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National Deconstruction

Violence, Identity, and Justice in Bosnia

1998
Author:

David Campbell

National Deconstruction

What our response to the Bosnian crisis can tell us about multiculturalism in the United States and beyond.

How did Bosnia, once a polity of intersecting and overlapping identities, come to be understood as an intractable ethnic problem? National Deconstruction is a rethinking of the meaning of “ethnic/nationalist” violence and a critique of the impoverished discourse of identity politics that crippled the international response to the Bosnian crisis.

Campbell is undertaking a far more interesting and important task than 'applying' deconstruction to a given set of problems: he is extending the range of deconstructive thought by making explicit what has been at stake in Bosnia for any committed reflection on the most devastating events of our modernity.

Peggy Kamuf, editor of A Derrida Reader

How did Bosnia, once a polity of intersecting and overlapping identities, come to be understood as an intractable ethnic problem? David Campbell pursues this question-and its implications for the politics of community, democracy, justice, and multiculturalism-through readings of media and academic representations of the conflict in Bosnia. National Deconstruction is a rethinking of the meaning of “ethnic/nationalist” violence and a critique of the impoverished discourse of identity politics that crippled the international response to the Bosnian crisis.

Rather than assuming the preexistence of an entity called Bosnia, Campbell considers the complex array of historical, statistical, cartographic, and other practices through which the definitions of Bosnia have come to be. These practices traverse a continuum of political spaces, from the bodies of individuals and the corporate body of the former Yugoslavia to the international bodies of the world community.

Among the book’s many original disclosures, arrived at through a critical reading of international diplomacy, is the shared identity politics of the peacemakers and paramilitaries. Equally significant is Campbell’s conclusion that the international response to the Bosnian war was hamstrung by the poverty of Western thought on the politics of heterogeneous communities. Indeed, he contends that Europe and the United States intervened in Bosnia not to save the ideal of multiculturalism abroad but rather to shore up the nationalist imaginary so as to contain the ideal of multiculturalism at home.

By bringing to the fore the concern with ethics, politics, and responsibility contained in more traditional accounts of the Bosnian war, this book is a major statement on the inherently ethical and political assumptions of deconstructive thought-and the reworkings of the politics of community it enables.

Awarded “Book of the Year 1999” by the International Forum Bosnia (Sarajevo) and the Human Rights Review (USA).

ISBN 0-8166-2936-6 Cloth $62.95xx
ISBN 0-8166-2937-4 Paper $24.95x
382 pages 5 7/8 x 9 September
Translation inquiries: University of Minnesota Press

Awards

1999 Book of the Year Winner of the International Forum Bosnia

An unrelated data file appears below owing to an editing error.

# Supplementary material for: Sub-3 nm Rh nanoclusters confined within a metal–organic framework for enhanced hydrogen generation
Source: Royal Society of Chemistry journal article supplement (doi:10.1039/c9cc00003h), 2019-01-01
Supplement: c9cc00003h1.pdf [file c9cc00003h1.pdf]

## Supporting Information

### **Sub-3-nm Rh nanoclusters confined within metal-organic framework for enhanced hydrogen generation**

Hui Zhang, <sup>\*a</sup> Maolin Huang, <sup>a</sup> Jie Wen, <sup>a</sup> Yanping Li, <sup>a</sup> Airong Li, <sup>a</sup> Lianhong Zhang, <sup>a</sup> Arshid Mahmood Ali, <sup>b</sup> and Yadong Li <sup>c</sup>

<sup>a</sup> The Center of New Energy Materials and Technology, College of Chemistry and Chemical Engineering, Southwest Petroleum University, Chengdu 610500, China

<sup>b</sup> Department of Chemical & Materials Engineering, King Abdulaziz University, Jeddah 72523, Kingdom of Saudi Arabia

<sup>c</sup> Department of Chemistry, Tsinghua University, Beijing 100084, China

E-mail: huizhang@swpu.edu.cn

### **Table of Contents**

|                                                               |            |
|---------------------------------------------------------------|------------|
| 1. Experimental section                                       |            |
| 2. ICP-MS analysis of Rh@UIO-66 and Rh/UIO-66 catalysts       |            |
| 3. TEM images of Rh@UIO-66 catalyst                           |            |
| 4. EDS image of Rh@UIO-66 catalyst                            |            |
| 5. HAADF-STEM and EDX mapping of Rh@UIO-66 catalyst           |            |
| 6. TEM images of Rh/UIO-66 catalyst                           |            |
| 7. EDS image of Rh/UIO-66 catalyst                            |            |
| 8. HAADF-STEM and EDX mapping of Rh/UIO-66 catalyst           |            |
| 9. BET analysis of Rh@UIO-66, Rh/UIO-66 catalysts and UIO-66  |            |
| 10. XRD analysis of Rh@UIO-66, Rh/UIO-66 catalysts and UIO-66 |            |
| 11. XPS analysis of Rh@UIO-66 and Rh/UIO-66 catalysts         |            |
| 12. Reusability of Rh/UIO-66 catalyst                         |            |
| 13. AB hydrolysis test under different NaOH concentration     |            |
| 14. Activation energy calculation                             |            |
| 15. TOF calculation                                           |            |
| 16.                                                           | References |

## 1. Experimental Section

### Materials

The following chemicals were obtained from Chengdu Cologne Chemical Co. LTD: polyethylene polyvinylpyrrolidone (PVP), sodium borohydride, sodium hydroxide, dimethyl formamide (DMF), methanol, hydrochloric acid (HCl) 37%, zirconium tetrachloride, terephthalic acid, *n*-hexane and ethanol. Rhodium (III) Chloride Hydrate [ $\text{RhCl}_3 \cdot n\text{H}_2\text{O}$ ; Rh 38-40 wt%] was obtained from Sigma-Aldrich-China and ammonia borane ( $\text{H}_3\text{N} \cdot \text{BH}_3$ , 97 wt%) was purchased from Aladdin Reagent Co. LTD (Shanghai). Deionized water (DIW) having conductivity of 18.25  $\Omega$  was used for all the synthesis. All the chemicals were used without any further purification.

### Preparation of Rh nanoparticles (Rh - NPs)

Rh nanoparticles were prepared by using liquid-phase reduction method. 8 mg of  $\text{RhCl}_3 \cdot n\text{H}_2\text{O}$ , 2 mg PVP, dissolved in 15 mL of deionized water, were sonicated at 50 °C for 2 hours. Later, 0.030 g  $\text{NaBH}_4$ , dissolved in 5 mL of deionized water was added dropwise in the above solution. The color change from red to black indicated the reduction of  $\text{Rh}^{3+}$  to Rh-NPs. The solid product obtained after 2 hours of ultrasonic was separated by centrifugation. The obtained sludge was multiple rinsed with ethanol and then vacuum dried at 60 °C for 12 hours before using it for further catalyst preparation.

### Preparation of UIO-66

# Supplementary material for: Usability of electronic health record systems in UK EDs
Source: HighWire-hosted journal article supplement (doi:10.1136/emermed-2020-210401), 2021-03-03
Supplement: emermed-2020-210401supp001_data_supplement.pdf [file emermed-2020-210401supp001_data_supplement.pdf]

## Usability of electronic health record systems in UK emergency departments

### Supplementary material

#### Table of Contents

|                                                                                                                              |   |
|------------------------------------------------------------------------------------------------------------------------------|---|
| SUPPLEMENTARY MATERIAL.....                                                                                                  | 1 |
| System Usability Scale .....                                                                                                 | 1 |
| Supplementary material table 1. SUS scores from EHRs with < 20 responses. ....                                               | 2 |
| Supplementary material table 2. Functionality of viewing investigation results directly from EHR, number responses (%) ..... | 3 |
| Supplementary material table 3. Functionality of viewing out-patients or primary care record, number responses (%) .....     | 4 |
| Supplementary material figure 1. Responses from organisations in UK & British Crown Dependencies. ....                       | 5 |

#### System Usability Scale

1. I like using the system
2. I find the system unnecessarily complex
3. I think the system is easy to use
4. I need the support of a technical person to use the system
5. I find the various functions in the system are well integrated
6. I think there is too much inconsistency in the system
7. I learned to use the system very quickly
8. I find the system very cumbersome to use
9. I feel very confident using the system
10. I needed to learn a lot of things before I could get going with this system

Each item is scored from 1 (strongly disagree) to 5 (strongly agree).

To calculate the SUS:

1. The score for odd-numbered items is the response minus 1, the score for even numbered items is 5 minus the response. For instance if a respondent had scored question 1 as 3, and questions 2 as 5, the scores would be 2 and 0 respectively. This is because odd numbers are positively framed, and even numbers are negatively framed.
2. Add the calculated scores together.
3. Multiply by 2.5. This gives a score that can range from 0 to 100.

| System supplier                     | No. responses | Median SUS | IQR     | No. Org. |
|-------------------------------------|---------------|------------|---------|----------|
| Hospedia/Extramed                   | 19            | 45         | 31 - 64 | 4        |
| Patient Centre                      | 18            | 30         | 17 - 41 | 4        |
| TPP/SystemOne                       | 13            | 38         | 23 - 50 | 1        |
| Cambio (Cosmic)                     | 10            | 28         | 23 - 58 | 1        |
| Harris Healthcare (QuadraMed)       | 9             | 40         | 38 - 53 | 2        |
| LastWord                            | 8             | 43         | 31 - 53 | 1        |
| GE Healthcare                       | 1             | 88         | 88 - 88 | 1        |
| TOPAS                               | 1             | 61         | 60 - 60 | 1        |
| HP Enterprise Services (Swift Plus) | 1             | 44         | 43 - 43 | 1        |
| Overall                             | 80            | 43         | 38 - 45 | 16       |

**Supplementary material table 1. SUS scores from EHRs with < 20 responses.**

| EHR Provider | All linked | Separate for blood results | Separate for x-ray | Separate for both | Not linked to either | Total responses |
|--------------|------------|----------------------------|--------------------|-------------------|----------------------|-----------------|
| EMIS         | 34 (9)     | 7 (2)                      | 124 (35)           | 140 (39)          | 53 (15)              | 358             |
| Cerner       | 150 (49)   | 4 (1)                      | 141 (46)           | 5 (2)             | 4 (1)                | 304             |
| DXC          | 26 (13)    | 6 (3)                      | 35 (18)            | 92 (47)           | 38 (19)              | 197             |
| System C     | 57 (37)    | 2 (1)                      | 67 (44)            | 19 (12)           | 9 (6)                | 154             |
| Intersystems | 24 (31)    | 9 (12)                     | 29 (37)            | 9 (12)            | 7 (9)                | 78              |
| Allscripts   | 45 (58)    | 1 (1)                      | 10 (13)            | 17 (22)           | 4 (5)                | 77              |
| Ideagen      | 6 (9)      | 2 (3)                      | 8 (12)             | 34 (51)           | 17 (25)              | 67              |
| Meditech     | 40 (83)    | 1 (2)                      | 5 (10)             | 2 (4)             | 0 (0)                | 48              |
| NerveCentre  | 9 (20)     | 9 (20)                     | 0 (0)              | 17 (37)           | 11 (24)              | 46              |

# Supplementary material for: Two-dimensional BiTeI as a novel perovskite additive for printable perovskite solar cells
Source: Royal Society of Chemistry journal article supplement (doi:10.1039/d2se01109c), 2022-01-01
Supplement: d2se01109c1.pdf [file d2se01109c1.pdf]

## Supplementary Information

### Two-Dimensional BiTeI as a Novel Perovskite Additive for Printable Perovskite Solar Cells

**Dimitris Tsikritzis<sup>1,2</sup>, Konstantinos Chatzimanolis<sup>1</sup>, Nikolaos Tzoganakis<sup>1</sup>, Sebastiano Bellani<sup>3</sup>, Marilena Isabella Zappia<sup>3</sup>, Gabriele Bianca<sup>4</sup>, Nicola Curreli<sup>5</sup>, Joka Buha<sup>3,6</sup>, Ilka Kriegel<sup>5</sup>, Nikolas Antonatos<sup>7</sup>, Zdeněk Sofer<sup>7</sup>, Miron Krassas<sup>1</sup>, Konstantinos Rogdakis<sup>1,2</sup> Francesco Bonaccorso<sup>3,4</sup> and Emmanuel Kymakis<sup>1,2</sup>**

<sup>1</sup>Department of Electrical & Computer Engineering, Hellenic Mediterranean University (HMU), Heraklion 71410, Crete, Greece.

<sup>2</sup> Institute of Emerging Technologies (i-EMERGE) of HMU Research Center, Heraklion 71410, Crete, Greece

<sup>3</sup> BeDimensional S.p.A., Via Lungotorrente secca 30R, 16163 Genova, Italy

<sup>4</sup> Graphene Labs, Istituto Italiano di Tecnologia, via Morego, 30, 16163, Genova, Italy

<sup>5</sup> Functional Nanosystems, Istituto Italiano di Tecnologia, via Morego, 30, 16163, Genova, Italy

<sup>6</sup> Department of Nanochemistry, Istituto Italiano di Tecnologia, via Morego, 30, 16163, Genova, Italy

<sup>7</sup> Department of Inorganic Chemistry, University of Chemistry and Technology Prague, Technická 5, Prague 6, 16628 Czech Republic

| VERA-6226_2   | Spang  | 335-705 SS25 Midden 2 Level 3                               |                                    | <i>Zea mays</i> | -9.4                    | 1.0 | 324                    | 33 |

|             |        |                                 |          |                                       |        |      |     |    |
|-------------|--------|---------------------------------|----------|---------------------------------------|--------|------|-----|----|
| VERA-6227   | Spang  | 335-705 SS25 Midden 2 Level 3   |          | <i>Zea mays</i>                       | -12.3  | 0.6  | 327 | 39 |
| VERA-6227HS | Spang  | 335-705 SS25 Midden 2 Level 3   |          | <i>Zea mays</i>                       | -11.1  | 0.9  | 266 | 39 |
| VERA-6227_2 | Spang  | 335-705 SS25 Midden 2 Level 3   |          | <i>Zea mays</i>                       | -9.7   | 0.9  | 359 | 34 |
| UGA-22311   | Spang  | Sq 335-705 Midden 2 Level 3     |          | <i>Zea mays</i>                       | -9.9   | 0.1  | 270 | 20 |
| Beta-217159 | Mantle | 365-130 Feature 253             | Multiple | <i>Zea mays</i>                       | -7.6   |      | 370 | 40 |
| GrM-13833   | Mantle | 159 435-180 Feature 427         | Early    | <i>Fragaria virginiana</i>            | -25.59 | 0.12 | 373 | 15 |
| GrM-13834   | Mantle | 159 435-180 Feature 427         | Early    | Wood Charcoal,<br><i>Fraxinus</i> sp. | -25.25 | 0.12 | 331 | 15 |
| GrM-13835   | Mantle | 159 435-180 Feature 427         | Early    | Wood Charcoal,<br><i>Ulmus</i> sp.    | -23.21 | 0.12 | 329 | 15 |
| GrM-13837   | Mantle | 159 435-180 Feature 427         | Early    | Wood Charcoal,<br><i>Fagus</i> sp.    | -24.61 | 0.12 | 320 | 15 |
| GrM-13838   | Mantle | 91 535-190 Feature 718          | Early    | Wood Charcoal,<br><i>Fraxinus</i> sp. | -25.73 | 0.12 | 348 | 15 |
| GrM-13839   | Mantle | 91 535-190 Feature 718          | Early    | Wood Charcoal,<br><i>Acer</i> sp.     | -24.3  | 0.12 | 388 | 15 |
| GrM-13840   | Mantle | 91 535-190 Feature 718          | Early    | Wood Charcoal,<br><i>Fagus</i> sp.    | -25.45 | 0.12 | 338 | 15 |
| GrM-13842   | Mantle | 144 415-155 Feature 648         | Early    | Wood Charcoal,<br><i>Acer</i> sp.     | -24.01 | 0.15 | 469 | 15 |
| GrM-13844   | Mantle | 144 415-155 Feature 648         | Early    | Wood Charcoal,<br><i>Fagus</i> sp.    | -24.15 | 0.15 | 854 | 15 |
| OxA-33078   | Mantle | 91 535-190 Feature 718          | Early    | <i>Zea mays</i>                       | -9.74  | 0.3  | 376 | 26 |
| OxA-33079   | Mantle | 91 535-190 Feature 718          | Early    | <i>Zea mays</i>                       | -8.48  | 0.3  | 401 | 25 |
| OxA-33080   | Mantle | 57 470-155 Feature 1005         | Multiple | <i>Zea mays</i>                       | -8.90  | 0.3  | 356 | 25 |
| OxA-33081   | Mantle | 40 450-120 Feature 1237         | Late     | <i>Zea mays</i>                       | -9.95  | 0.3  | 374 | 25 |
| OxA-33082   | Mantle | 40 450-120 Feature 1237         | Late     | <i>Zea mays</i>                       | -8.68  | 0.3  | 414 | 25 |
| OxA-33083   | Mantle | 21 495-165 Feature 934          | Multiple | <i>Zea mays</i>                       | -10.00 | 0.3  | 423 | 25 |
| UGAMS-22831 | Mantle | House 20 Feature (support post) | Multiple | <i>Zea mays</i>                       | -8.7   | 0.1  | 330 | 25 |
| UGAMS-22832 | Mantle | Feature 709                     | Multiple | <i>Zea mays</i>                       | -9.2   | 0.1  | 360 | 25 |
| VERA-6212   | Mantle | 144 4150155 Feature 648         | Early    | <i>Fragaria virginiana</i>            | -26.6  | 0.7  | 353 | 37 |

Awarded “Book of the Year 1999” by the International Forum Bosnia (Sarajevo) and the Human Rights Review (USA).

Book of the Year-Foundation Bosnian-Herzegovinian Book and the Journal Human Rights Review

National Deconstruction

David Campbell is professor of international politics at the University of Newcastle, UK, and the author of Writing Security.

National Deconstruction

Campbell is undertaking a far more interesting and important task than 'applying' deconstruction to a given set of problems: he is extending the range of deconstructive thought by making explicit what has been at stake in Bosnia for any committed reflection on the most devastating events of our modernity.

Peggy Kamuf, editor of A Derrida Reader

National Deconstruction is a provocative and intelligent exegesis of conceptual parameters within which the Bosnian war was fought and ultimately concluded. This is an ambitious and impressive work.

Marla Stone, coeditor of When the Walls Came Down: Reactions to German Unification

David Campbell has provided not only the first book-length poststructuralist study of the Bosnian war and the international policy toward it, but also the formulation of a deconstructivist ethics of international relations. National Deconstruction is not only a well-argued formulation of a deconstructivist international ethics, it is also a wide-ranging and relentless critique that will leave few unprovoked.

Ethics and International Affairs

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This singularly important work opens new avenues of inquiry and proposes different modes of understanding, both in comprehending Bosnia and Herzegovina and in viewing the international environment in which the war took place. This is original, bold, and important scholarship, and anyone concerned with Bosnia and Herzegovina and its future would do well to understand the analysis.
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Book of the Year Board, Foundation Bosnian-Herzegovinian Book and the Journal Human Rights Review